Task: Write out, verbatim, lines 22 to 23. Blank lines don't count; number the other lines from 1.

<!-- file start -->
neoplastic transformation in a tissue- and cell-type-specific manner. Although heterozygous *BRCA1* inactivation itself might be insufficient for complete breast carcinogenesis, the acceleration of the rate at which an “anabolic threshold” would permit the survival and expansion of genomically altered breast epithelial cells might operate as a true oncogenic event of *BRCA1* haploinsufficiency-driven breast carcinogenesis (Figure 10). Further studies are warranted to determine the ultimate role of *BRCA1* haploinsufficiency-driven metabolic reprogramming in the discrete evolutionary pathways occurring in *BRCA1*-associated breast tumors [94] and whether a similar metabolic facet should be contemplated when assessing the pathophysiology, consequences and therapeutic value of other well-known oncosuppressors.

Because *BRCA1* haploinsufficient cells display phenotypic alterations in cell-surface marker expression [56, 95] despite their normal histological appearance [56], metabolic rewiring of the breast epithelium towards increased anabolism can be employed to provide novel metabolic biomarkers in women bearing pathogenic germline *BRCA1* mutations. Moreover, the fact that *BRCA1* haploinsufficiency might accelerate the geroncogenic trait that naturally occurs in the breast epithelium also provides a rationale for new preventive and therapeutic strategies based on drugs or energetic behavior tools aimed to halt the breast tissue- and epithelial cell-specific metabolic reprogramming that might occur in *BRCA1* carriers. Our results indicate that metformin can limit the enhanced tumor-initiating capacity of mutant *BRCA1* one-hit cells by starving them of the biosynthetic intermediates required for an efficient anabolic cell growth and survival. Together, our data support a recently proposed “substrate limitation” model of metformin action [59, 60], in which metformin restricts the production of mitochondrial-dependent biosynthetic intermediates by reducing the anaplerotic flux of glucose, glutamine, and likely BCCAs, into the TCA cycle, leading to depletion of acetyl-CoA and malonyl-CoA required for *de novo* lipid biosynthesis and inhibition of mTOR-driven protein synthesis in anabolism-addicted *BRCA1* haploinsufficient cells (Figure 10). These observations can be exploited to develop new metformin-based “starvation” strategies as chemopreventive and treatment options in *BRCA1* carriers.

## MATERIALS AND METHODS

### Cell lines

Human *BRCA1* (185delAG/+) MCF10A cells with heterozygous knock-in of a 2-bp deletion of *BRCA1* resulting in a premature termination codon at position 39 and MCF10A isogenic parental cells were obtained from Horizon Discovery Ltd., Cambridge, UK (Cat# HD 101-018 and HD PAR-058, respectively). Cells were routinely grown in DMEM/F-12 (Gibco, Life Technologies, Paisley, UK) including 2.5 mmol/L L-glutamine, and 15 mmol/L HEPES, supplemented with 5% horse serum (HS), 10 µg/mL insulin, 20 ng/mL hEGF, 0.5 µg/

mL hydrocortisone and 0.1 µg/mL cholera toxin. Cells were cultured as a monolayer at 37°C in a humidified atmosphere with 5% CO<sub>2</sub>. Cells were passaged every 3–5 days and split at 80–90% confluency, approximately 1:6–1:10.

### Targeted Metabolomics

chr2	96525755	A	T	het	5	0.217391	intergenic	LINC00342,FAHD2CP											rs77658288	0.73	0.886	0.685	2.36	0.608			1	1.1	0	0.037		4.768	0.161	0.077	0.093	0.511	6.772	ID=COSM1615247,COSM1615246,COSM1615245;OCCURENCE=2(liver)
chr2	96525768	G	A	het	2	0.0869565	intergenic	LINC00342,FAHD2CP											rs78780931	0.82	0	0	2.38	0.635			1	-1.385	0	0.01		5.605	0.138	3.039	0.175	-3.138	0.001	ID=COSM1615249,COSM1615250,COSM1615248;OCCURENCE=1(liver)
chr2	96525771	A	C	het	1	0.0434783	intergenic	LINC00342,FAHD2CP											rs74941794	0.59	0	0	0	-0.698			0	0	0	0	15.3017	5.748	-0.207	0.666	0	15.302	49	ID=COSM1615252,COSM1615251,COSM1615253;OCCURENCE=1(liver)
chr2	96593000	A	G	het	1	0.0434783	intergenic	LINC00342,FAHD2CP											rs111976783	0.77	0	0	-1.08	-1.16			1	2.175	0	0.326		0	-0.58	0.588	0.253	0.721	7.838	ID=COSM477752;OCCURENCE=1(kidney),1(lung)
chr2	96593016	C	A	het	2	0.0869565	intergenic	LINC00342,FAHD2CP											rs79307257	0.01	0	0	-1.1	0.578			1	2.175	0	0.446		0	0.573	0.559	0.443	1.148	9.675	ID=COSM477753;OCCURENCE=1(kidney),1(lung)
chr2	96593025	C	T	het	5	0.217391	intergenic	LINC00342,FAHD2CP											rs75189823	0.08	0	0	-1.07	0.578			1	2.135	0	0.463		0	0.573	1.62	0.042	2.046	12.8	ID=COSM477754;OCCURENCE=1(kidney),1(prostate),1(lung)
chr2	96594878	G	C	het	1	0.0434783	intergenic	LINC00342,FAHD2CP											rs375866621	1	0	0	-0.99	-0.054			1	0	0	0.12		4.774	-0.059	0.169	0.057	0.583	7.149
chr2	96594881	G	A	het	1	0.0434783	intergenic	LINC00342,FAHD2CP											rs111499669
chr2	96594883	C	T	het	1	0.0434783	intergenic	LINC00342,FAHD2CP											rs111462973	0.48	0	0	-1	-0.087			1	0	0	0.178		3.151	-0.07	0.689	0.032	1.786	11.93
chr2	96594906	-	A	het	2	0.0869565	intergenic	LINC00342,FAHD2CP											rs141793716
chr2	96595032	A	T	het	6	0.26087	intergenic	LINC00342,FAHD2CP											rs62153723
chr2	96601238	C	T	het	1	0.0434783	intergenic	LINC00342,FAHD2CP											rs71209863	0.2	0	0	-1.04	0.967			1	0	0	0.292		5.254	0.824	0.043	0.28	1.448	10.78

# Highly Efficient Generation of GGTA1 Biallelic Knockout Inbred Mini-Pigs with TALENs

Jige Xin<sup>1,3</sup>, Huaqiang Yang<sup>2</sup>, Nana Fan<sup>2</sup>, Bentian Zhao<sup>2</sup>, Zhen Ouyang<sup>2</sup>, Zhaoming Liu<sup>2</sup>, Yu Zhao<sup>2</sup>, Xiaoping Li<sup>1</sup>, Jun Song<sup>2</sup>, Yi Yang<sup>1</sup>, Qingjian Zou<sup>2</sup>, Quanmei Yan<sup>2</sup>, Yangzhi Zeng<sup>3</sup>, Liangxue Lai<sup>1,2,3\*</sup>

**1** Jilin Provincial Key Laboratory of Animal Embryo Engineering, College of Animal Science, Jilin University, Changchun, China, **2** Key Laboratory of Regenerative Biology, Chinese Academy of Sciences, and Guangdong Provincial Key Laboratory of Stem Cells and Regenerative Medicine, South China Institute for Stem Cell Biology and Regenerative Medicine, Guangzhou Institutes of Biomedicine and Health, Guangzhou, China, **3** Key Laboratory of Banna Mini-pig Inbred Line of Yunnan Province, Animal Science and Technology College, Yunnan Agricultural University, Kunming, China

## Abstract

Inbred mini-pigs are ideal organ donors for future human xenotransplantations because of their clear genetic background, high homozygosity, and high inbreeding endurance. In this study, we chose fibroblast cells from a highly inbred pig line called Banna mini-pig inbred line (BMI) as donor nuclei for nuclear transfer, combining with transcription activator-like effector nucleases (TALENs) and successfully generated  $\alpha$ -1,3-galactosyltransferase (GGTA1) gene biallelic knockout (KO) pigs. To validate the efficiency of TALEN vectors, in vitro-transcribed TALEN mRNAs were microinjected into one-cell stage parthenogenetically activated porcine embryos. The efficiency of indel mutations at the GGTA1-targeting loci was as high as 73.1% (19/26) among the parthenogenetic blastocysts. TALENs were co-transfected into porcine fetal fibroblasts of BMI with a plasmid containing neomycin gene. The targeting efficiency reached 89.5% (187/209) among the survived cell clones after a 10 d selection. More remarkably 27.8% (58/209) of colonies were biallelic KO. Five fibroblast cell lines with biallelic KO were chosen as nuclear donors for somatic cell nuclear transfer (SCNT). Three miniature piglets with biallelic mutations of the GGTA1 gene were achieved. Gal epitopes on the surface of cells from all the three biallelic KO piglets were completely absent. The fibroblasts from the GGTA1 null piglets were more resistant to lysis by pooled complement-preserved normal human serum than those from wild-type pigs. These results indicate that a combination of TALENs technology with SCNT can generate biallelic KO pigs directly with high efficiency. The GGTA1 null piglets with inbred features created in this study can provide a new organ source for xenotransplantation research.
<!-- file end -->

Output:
**1** Jilin Provincial Key Laboratory of Animal Embryo Engineering, College of Animal Science, Jilin University, Changchun, China, **2** Key Laboratory of Regenerative Biology, Chinese Academy of Sciences, and Guangdong Provincial Key Laboratory of Stem Cells and Regenerative Medicine, South China Institute for Stem Cell Biology and Regenerative Medicine, Guangzhou Institutes of Biomedicine and Health, Guangzhou, China, **3** Key Laboratory of Banna Mini-pig Inbred Line of Yunnan Province, Animal Science and Technology College, Yunnan Agricultural University, Kunming, China

## Abstract